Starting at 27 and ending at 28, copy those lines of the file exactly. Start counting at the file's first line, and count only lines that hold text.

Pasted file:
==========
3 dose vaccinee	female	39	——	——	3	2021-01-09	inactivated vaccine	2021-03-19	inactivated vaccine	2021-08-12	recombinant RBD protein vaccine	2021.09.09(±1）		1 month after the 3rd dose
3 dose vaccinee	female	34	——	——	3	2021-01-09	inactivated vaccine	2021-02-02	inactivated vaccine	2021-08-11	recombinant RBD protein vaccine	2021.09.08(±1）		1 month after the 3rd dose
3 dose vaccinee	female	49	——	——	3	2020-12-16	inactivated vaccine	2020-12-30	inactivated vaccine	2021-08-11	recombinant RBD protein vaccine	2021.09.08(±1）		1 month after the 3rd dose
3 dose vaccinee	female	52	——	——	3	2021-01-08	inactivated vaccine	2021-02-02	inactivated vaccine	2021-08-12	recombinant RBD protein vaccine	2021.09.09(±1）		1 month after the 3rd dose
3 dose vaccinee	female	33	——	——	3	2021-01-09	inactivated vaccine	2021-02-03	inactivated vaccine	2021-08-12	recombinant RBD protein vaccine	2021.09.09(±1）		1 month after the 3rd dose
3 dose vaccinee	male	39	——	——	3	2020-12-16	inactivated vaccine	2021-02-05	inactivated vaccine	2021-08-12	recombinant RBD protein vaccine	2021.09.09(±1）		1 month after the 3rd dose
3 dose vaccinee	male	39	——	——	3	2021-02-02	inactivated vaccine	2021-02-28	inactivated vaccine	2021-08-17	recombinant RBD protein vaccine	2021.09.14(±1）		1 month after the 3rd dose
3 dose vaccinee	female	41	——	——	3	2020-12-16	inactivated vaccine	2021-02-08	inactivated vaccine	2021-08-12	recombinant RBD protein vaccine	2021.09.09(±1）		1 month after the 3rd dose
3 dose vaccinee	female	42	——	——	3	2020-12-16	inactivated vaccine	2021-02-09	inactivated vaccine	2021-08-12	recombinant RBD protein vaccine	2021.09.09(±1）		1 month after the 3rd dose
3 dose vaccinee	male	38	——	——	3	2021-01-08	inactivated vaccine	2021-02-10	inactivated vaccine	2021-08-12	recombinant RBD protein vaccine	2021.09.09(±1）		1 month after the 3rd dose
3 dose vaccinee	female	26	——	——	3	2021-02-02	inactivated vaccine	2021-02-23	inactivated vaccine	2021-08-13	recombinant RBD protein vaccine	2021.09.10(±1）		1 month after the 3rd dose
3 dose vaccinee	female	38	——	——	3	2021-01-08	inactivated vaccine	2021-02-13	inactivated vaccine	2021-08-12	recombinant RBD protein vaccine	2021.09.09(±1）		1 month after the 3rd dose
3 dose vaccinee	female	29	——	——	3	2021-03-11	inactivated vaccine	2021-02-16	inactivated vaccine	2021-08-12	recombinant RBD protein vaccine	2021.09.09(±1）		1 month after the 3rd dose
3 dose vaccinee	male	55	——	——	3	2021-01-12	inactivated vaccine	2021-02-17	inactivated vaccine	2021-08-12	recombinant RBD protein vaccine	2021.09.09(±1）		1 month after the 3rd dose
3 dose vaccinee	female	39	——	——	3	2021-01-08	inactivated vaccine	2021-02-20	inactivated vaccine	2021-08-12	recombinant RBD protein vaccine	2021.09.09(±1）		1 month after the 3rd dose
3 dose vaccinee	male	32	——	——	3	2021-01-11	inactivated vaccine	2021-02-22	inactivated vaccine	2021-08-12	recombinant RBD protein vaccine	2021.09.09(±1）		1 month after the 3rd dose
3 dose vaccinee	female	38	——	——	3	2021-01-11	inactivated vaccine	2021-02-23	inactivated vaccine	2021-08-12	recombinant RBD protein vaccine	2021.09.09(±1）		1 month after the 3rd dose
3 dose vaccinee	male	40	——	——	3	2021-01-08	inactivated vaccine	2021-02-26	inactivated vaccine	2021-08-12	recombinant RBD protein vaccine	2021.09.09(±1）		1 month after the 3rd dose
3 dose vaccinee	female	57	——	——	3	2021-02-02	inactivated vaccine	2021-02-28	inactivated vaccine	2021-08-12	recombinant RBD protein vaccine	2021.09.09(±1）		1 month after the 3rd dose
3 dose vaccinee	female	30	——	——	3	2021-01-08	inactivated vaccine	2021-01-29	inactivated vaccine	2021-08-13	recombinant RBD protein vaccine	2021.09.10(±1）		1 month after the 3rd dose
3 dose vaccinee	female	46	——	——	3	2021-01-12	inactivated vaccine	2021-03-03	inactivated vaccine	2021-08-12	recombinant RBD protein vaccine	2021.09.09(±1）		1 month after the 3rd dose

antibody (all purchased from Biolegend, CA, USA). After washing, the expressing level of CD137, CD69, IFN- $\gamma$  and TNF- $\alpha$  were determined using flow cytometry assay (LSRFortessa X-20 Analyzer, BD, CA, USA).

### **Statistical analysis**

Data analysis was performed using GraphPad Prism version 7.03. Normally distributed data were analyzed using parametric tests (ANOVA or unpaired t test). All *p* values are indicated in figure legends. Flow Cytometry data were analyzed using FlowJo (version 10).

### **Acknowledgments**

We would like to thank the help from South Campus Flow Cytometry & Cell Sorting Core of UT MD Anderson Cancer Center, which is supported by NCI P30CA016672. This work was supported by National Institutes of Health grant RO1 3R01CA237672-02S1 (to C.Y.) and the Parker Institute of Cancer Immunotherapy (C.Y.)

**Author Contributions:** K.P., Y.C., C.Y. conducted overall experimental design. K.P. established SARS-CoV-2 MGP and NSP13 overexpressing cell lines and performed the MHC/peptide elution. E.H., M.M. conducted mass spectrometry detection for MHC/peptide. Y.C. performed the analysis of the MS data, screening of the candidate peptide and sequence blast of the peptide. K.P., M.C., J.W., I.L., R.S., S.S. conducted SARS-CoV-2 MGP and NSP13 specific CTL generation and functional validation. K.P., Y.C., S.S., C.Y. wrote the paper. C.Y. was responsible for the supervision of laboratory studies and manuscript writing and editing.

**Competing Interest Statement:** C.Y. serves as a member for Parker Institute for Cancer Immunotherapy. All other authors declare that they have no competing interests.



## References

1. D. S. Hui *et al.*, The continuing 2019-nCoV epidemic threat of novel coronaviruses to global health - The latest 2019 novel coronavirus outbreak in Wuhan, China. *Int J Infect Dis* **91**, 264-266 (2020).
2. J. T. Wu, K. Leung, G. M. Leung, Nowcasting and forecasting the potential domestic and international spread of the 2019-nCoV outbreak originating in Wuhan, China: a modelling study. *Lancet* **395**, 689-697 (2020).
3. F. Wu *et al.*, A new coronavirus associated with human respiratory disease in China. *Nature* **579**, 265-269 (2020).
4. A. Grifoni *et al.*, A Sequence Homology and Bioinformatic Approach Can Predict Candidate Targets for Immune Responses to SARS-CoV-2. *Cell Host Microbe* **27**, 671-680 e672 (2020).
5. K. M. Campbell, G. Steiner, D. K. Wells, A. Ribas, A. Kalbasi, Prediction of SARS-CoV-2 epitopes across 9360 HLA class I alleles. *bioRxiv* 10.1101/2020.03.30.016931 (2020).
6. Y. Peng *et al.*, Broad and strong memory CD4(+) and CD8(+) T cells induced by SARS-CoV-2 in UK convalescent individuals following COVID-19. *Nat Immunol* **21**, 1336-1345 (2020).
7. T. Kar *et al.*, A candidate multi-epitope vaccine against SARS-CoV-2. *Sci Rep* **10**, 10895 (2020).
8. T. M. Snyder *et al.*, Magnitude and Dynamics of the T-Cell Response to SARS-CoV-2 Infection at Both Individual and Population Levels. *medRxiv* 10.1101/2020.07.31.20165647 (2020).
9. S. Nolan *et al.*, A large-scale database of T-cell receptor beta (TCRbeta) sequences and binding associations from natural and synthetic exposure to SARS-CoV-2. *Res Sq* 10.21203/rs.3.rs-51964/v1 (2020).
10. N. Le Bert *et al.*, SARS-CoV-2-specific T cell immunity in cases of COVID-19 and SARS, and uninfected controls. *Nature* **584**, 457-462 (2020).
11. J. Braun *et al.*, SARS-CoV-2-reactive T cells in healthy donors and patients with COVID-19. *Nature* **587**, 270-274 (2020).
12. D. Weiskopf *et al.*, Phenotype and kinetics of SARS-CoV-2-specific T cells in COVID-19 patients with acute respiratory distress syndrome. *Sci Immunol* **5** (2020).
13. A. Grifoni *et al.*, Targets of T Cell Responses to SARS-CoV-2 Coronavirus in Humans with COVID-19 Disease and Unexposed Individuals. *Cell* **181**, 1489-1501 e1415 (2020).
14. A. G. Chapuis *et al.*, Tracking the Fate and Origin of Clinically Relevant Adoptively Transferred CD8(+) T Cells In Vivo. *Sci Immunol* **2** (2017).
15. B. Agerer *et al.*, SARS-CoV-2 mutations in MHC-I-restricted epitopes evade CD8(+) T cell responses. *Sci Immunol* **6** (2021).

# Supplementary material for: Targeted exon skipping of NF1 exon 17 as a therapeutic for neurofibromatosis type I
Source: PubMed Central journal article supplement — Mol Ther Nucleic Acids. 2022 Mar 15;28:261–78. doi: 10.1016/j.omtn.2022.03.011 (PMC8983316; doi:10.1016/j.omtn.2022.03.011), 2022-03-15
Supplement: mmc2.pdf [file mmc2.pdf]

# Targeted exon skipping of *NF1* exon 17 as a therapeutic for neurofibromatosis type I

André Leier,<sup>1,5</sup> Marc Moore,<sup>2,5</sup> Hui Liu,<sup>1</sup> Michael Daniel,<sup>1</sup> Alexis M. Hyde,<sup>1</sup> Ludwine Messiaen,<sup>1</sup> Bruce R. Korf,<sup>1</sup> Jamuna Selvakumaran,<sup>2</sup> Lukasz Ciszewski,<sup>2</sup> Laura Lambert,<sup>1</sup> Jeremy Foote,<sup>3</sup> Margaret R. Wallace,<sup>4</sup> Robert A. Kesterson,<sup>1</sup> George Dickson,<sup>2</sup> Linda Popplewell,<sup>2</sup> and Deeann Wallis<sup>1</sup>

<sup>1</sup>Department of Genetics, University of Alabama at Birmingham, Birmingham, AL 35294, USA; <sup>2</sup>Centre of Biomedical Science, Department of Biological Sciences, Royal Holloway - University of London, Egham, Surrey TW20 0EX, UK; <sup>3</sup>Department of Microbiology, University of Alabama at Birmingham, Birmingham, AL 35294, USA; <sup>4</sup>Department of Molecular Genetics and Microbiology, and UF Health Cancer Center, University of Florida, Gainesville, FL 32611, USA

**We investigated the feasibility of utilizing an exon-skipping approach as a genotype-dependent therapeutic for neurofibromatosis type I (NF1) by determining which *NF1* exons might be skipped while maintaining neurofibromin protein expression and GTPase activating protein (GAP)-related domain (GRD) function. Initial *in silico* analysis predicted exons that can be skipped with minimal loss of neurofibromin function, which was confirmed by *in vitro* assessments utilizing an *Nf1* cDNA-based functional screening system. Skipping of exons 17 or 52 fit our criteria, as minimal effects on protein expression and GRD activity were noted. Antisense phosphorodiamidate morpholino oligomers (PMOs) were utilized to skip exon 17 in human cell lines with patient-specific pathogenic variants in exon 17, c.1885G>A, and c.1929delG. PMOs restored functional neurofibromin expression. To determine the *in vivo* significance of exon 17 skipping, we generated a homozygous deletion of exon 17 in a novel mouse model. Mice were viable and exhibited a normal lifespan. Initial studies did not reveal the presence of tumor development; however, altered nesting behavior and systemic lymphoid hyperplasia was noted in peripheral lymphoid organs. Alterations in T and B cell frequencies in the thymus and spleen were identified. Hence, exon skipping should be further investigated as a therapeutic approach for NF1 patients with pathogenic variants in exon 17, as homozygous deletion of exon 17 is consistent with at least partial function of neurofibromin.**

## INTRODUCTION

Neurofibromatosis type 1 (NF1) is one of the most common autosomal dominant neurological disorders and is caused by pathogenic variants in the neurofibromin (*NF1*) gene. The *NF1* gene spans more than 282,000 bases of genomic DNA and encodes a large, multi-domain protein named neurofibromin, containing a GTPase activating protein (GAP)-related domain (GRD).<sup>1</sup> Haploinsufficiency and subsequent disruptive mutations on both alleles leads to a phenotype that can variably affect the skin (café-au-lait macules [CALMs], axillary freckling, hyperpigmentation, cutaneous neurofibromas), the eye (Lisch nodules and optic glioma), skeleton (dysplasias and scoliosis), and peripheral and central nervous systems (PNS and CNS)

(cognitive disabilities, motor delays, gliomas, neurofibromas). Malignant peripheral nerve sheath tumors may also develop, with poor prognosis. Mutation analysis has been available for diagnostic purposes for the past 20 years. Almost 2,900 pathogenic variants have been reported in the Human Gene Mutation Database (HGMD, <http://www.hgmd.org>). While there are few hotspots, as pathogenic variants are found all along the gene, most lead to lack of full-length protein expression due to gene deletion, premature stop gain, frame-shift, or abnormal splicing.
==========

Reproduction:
**Author Contributions:** K.P., Y.C., C.Y. conducted overall experimental design. K.P. established SARS-CoV-2 MGP and NSP13 overexpressing cell lines and performed the MHC/peptide elution. E.H., M.M. conducted mass spectrometry detection for MHC/peptide. Y.C. performed the analysis of the MS data, screening of the candidate peptide and sequence blast of the peptide. K.P., M.C., J.W., I.L., R.S., S.S. conducted SARS-CoV-2 MGP and NSP13 specific CTL generation and functional validation. K.P., Y.C., S.S., C.Y. wrote the paper. C.Y. was responsible for the supervision of laboratory studies and manuscript writing and editing.

**Competing Interest Statement:** C.Y. serves as a member for Parker Institute for Cancer Immunotherapy. All other authors declare that they have no competing interests.